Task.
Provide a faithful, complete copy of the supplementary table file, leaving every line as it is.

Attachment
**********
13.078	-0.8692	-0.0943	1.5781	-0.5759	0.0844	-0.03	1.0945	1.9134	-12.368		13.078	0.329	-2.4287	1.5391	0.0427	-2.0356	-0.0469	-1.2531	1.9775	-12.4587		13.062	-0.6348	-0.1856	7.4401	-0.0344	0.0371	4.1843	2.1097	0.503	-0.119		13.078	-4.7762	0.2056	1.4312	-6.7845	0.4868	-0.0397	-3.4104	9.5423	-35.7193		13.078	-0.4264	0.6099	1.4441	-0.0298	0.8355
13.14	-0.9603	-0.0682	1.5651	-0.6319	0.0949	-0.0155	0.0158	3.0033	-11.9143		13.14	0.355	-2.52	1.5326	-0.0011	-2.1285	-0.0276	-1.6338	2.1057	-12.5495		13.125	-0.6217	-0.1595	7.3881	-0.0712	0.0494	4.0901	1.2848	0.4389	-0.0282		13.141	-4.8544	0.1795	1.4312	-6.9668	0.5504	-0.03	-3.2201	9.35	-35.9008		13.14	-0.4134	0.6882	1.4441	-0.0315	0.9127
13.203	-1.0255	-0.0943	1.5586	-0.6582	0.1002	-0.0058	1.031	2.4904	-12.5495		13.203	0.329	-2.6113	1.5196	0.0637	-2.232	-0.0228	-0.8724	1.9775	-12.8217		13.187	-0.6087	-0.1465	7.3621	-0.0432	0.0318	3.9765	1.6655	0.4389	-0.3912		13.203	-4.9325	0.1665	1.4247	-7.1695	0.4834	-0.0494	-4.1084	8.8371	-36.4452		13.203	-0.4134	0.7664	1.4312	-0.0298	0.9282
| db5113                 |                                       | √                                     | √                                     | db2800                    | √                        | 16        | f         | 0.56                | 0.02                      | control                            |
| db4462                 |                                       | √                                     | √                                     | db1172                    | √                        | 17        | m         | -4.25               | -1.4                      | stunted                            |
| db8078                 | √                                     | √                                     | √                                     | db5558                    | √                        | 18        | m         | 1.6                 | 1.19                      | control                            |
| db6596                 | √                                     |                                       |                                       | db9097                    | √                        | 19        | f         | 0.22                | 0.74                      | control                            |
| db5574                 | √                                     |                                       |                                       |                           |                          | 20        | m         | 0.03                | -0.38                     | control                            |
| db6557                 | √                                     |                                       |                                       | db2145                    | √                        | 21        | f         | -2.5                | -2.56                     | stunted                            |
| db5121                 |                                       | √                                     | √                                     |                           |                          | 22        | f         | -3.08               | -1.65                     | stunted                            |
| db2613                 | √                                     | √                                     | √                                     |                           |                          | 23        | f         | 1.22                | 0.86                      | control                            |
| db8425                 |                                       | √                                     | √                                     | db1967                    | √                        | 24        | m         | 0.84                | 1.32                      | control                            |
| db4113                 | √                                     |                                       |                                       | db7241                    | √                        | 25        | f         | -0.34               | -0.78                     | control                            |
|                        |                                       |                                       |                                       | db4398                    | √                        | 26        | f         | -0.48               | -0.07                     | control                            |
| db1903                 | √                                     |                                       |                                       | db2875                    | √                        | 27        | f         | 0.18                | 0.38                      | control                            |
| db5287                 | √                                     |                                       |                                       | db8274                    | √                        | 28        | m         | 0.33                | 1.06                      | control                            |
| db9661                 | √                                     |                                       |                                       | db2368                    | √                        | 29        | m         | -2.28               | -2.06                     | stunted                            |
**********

13.078	-0.8692	-0.0943	1.5781	-0.5759	0.0844	-0.03	1.0945	1.9134	-12.368		13.078	0.329	-2.4287	1.5391	0.0427	-2.0356	-0.0469	-1.2531	1.9775	-12.4587		13.062	-0.6348	-0.1856	7.4401	-0.0344	0.0371	4.1843	2.1097	0.503	-0.119		13.078	-4.7762	0.2056	1.4312	-6.7845	0.4868	-0.0397	-3.4104	9.5423	-35.7193		13.078	-0.4264	0.6099	1.4441	-0.0298	0.8355
13.14	-0.9603	-0.0682	1.5651	-0.6319	0.0949	-0.0155	0.0158	3.0033	-11.9143		13.14	0.355	-2.52	1.5326	-0.0011	-2.1285	-0.0276	-1.6338	2.1057	-12.5495		13.125	-0.6217	-0.1595	7.3881	-0.0712	0.0494	4.0901	1.2848	0.4389	-0.0282		13.141	-4.8544	0.1795	1.4312	-6.9668	0.5504	-0.03	-3.2201	9.35	-35.9008		13.14	-0.4134	0.6882	1.4441	-0.0315	0.9127
13.203	-1.0255	-0.0943	1.5586	-0.6582	0.1002	-0.0058	1.031	2.4904	-12.5495		13.203	0.329	-2.6113	1.5196	0.0637	-2.232	-0.0228	-0.8724	1.9775	-12.8217		13.187	-0.6087	-0.1465	7.3621	-0.0432	0.0318	3.9765	1.6655	0.4389	-0.3912		13.203	-4.9325	0.1665	1.4247	-7.1695	0.4834	-0.0494	-4.1084	8.8371	-36.4452		13.203	-0.4134	0.7664	1.4312	-0.0298	0.9282
| db5113                 |                                       | √                                     | √                                     | db2800                    | √                        | 16        | f         | 0.56                | 0.02                      | control                            |
| db4462                 |                                       | √                                     | √                                     | db1172                    | √                        | 17        | m         | -4.25               | -1.4                      | stunted                            |
| db8078                 | √                                     | √                                     | √                                     | db5558                    | √                        | 18        | m         | 1.6                 | 1.19                      | control                            |
| db6596                 | √                                     |                                       |                                       | db9097                    | √                        | 19        | f         | 0.22                | 0.74                      | control                            |
| db5574                 | √                                     |                                       |                                       |                           |                          | 20        | m         | 0.03                | -0.38                     | control                            |
| db6557                 | √                                     |                                       |                                       | db2145                    | √                        | 21        | f         | -2.5                | -2.56                     | stunted                            |
| db5121                 |                                       | √                                     | √                                     |                           |                          | 22        | f         | -3.08               | -1.65                     | stunted                            |
| db2613                 | √                                     | √                                     | √                                     |                           |                          | 23        | f         | 1.22                | 0.86                      | control                            |
| db8425                 |                                       | √                                     | √                                     | db1967                    | √                        | 24        | m         | 0.84                | 1.32                      | control                            |
| db4113                 | √                                     |                                       |                                       | db7241                    | √                        | 25        | f         | -0.34               | -0.78                     | control                            |
|                        |                                       |                                       |                                       | db4398                    | √                        | 26        | f         | -0.48               | -0.07                     | control                            |
| db1903                 | √                                     |                                       |                                       | db2875                    | √                        | 27        | f         | 0.18                | 0.38                      | control                            |
| db5287                 | √                                     |                                       |                                       | db8274                    | √                        | 28        | m         | 0.33                | 1.06                      | control                            |
| db9661                 | √                                     |                                       |                                       | db2368                    | √                        | 29        | m         | -2.28               | -2.06                     | stunted                            |